Skip to main content

Market Update: Sotheby's "Important Watches 2020"

When I was asked, back in February, about my outlook for the luxury watch market I replied, "I think 2020 is going to be filled with a lot of uncertainty."  I understated the situation. It might be plausible to describe the present level of uncertainty as monumental. There is no need to go through all the unprecedented events punctuating this year but an open question remains: how is the watch market fairing?  

I make a habit of checking auction results as much as possible in order to answer this question.  Many market indicators are unavailable to watch industry observers.  Prices with authorized dealers are, by and large, fixed.  We can't see them go up if demand is healthy or drop if demand slackens.  If prices are too low for a particular reference then there is a shortage, waitlists grow and we hear grumblings but we have no measure of how bad it is because the lists are secret.  If prices are too high then we begin to see watches appear on grey market outlets at steep discounts.  Or, manufacturers claw back excess inventory and destroy it, another indicator shrouded in mystery lest the public learn who is making the undesirable pieces.

Auctions are different though.  Expert price expectations for a given lot are there in writing.  The price outcome is completely flexible depending upon bidding strength.  And the outcome is also publicly available.  This week we are fortunate to have an important signal of market conditions supplied by Sotheby's "Important Watches 2020" auction which offered 218 timpepieces  

In prior writing about auctions I have presented a more impressionistic sense of results.  This time I decided to crunch the numbers in a more formal manner.  First a caveat, though.  The Sotheby's auction was online.  I do not believe a public preview was available.  In a normal year, this would make the auction a bit of an outlier.  This year it is quite possible that the lion's share of auctions will follow this path due to the pandemic.  In what follows I also will not discuss the role of lot condition as a factor in determining outcomes.  Condition is a subjective topic and not as quantifiable.  I may be able to remedy this issue in the future.

First the forest before we discuss the trees.  Of the 218 lots, 60 went unsold.  At 28% this strikes me as a fairly high number.  During the Phillip's "Game Changers" auction held in New York in 2019 100% of lots on offer were sold.  Nevertheless, the Sotheby's sold lots totaled $3.9 million, yielding approximately $975,000 in revenue under a 25% buyer's premium.  The sold lots barely outperformed the house's expectations.  If we take the midpoint of the published estimate lot values then, on average, lots exceeded that midpoint by 15%.  But we must interpret this result cautiously given the noticeable number of lots which did not sell.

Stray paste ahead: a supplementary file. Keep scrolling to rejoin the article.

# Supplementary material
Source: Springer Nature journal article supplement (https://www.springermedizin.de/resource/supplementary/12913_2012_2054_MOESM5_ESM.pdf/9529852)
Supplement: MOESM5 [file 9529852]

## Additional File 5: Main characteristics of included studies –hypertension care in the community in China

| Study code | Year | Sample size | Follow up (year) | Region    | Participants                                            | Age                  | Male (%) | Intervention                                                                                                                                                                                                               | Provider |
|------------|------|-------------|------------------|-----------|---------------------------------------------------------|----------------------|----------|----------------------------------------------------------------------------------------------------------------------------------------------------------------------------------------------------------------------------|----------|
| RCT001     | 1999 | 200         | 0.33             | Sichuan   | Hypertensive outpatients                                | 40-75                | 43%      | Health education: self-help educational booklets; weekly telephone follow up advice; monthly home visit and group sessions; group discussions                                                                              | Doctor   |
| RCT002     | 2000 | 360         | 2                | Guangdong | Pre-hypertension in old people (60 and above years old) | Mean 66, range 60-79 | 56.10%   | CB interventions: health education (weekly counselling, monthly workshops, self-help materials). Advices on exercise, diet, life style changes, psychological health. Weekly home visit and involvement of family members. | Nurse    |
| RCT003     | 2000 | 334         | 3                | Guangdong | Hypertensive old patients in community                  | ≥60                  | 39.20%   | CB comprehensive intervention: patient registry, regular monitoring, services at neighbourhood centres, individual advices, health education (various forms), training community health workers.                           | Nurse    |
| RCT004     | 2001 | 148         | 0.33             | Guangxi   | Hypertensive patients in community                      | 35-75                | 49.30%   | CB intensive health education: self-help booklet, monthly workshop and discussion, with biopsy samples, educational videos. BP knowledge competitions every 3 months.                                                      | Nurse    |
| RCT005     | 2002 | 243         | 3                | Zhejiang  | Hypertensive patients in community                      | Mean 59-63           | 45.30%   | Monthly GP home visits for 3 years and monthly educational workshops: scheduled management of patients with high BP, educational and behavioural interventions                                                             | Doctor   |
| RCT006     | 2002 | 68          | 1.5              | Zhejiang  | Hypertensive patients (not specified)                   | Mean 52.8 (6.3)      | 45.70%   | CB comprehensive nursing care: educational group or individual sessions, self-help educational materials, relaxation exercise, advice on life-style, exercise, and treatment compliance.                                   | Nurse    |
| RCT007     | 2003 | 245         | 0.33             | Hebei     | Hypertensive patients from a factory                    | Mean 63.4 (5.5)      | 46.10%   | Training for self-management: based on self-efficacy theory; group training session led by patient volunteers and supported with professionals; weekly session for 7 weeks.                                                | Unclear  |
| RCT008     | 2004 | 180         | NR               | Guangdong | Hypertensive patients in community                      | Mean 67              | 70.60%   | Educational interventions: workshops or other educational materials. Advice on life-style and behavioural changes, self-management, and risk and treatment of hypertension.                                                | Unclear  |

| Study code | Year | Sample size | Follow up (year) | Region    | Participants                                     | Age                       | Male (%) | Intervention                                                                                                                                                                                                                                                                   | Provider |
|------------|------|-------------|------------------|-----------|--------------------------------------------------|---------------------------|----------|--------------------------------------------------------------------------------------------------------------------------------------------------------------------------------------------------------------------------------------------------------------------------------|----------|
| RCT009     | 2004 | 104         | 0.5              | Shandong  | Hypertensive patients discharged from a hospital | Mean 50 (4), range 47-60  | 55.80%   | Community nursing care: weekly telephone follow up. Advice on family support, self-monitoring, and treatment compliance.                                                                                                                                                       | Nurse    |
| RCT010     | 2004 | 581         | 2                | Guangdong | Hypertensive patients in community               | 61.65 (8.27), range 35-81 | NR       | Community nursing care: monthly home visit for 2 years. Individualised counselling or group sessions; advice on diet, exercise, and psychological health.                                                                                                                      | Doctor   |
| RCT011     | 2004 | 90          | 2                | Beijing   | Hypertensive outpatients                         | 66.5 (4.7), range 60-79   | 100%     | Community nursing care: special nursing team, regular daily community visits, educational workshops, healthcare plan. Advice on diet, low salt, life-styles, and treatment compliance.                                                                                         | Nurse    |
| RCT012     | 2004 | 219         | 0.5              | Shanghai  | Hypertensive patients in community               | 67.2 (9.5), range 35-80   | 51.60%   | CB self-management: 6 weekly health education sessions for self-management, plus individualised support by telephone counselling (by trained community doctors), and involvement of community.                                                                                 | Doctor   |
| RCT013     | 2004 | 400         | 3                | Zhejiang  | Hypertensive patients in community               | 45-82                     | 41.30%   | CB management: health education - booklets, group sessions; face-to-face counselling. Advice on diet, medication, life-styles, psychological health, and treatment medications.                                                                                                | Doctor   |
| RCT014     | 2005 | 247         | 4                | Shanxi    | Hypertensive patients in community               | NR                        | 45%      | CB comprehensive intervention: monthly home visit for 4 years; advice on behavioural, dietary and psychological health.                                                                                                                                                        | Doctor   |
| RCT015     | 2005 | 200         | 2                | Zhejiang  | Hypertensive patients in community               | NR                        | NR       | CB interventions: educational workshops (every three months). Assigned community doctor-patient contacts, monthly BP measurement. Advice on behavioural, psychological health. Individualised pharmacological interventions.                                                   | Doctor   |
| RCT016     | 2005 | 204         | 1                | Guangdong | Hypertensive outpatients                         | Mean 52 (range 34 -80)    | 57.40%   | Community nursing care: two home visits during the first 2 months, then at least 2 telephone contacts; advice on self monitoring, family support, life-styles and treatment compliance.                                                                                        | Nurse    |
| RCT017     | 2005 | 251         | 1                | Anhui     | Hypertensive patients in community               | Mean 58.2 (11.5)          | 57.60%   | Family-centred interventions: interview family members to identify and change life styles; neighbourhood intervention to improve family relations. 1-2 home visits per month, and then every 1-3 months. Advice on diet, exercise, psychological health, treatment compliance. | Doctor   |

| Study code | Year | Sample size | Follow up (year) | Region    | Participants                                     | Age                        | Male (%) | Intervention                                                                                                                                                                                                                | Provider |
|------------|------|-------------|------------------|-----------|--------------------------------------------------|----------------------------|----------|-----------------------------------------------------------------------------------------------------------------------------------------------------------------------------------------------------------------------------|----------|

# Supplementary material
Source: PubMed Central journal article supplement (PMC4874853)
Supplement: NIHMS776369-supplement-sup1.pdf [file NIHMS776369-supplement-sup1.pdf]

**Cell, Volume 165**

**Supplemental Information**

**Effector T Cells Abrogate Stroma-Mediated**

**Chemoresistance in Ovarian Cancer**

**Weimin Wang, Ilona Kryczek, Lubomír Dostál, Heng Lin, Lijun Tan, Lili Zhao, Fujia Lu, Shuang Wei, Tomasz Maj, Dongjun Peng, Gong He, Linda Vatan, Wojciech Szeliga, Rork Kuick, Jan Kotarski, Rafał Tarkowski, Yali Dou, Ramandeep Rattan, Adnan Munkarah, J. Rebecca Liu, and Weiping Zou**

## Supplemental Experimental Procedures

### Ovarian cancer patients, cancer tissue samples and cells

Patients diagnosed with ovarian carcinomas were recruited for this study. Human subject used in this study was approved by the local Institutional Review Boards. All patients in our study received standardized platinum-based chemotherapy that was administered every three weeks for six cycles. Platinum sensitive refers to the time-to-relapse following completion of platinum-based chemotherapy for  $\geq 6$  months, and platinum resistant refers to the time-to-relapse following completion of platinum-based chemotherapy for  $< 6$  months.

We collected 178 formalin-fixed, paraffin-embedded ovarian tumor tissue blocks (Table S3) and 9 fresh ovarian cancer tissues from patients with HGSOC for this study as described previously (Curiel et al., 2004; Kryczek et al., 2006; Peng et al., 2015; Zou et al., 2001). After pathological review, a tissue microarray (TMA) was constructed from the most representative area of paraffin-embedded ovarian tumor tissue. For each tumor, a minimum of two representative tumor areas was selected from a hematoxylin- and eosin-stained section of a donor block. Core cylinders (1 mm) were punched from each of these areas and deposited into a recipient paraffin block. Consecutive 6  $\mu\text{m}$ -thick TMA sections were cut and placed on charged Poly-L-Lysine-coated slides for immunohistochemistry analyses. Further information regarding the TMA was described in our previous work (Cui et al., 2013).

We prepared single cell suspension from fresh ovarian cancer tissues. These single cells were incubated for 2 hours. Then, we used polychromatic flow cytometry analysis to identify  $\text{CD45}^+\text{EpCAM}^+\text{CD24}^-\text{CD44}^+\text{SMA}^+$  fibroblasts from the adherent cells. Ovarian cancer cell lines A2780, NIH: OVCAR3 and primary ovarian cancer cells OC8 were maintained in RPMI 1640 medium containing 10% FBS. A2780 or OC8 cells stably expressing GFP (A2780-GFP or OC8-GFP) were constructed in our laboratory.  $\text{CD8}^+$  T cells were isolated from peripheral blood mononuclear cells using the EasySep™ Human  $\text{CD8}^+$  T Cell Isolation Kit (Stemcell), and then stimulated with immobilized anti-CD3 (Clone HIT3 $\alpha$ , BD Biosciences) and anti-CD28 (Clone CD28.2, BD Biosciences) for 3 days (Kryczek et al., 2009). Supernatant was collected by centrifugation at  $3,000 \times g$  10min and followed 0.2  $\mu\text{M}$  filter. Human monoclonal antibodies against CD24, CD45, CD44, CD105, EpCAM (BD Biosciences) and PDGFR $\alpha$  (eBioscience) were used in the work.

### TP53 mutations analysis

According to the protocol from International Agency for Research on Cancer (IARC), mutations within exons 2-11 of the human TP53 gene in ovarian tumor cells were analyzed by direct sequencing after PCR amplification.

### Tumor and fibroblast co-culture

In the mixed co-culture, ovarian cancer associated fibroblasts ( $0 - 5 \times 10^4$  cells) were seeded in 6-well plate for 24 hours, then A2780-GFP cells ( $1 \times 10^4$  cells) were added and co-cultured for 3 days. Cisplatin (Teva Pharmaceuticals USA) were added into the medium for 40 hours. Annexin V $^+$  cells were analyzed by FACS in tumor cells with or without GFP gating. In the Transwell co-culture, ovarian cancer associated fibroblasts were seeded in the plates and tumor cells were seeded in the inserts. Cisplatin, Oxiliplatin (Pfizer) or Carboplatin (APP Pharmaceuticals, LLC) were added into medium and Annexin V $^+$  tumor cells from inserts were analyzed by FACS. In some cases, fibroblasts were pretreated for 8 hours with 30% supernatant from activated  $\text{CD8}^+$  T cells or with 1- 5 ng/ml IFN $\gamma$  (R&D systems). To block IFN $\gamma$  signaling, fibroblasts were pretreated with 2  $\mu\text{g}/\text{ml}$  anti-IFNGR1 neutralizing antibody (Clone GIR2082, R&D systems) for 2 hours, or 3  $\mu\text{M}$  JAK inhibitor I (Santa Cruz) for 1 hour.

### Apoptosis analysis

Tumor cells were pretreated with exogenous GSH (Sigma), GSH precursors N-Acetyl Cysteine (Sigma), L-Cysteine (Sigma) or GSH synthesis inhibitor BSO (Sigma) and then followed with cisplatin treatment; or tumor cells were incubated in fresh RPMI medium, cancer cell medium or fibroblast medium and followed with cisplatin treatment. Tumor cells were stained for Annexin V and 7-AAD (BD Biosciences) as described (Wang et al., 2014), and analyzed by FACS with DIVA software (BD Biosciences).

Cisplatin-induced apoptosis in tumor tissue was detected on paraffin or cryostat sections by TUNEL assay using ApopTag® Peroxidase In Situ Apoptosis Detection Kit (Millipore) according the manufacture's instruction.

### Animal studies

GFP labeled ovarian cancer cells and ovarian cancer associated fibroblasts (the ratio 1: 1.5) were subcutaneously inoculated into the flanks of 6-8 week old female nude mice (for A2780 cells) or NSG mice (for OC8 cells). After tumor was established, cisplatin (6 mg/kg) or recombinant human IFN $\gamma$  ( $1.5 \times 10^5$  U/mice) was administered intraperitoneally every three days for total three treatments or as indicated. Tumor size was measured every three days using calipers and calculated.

Collectors and enthusiasts often want to know which brands are the most desirable.  First, I'll offer a breakdown of the brands represented in the auction.  Over half the lots were Patek Philippe and Rolex references, with the catalogue containing 57 examples from each brand.  Omega, Cartier, Vacheron Constantin and Graff were presented in more than a handful of lots.  Four or five examples each of A. Lange & Sohne, Audemars Piguet, Breguet and F. P. Journe were also on offer.
There were many brands with a small number of lots that "batted 100%" (ie all the brand's lots sold).  The list of these brands is below.  Of note is Audemars Piguet and F. P. Journe with 100% sold out of 5 and 4 lots, respectively.  
As the saying goes, heavy is the head that wears the crown.  Rolex and Patek faced a high bar for sell through given how many lots were on offer from each.  They did well, only 23% and 25% of the lots from these brands did not sell (performance which was stronger than the auction as a whole).  Omega performed similarly in terms of lot sale percentage.  The figure below shows the "lot failure" rate for each brand.

Collectors and enthusiasts are often interested in knowing which brands are "sleepers" or perhaps unexpectedly valuable.  In the figure below I present the average by which a lot's sale price exceeded the midpoint of the estimated value range.  Piaget, Jaeguer-LeCoultre, F. P. Journe and Audemars Piguet are noteworthy performers under this measurement (there was one Piaget lot sold for more than double the midpoint of the estimate).  It is interesting to note that Omega outperformed Richard Mille, Rolex, Patek Philippe, Vacheron Constantin and Lange under this measure.  But none of these well-known brands exhibited price outcomes which far exceeded expectations.

Of similar interest is whether a particular brand is losing its allure.  This could represent a buying opportunity should such brands "rebound" in the future.  In the graph below, Breitling and Heuer stand out as highly regarded manufacturers with a number of well-received recent references (often leveraging the brand's "back catalogue") and each shows a great deal of potential.  Yet in the Sotheby's auction they fell short of the house's expectations.  The same could be said of Bulgari, which has been highly praised for recent references of the Octo Finissimo.  Yet in the Sotheby's results this brand was undervalued.